For so many of us, networking hardware is a necessary evil. It's great when it works, but once it does, we just want to leave it alone. But if you've ever run into an app or service that requires "port forwarding" and have thrown up your hands in frustration, don't worry. I'm here to show you it's not so scary after all.
The instructions are specifically for AirPort base stations; check out PortForward.com for instructions for a variety of other routers, or consult your router's manual.
This is Macworld senior editor Dan Moren. If you’ve ever set up a network service on your Mac, you may have encountered the arcane term “port forwarding.” Port forwarding lets people outside your local network access a service on one of your home machines by forwarding specific traffic to that machine. Think of it like creating a rule in your Mail client to forward only email from specific senders to a different address.
Technologies do exist to automate port forwarding, but they aren’t always compatible, so it helps to know exactly how to configure the process manually. For this video, I’m going to show you how to forward a port to your Mac using an AirPort base station. (Different types of routers have different interfaces, but the principle remain the same. Portforward.com is a good resource for instructions.)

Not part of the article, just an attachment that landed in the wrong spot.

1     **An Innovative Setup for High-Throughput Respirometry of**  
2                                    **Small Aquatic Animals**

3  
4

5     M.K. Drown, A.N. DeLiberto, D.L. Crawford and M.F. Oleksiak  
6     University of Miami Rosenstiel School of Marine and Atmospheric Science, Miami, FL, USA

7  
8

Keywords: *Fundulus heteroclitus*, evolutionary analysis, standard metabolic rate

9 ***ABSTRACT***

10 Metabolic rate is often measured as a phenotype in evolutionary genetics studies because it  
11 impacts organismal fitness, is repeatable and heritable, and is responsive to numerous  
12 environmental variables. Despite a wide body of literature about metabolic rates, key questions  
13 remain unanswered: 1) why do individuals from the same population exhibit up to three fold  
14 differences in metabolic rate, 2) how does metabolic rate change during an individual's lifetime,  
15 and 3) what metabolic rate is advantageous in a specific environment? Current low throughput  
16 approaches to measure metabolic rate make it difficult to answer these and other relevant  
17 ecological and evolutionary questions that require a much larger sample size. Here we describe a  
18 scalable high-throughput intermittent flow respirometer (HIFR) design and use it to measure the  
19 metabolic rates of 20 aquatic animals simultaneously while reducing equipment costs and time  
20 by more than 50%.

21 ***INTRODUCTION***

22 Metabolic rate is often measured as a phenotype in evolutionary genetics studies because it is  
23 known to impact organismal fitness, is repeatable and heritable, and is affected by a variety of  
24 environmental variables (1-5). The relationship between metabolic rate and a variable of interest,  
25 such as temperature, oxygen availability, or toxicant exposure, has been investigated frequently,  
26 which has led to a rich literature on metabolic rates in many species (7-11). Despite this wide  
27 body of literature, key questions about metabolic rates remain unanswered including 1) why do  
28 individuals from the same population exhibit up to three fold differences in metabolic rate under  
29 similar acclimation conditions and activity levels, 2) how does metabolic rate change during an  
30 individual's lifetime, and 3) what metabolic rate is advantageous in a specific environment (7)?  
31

First things first: Find the port number that you need to forward to. For this example, I’m using an open-source app called MapTool, which lets me play online games with my friends. I know from its server configuration screen that it expects incoming traffic on port 51234.
Launching AirPort Utility, I select my router and click “Edit.” The port forwarding section is listed under the Network tab and labeled Port Settings. To create a new forwarding rule, click the Plus (+) button. The following sheet might look daunting, but it’s fairly straightforward.
For description, enter the name of the service—in this case, MapTool. The public ports are the ports that my friends will enter when they want to access my server. To make things simple, I’m going to use the same port number for the public and private connections, but you could use a different public-facing number if you need to. UDP and TCP are two different types of networking protocol; if in doubt, enter the same information for both.
By default, AirPort Utility fills in the IP address of the machine you’re using as the address of the computer to which you want to forward traffic, but you can enter the IP of any machine on your network. The private port number is the port we looked up at the beginning: 51234.
Once all the data is filled in, hit Update and you’re good to go. Now my friends can access my server at my external IP address and the port number I specified. (To find your external IP address, it’s often quickest to visit a site like whatismyip.com.) To make things even easier, I could use a dynamic DNS setup to replace the external IP address with a more human-friendly domain name—but that’s a tip for another time.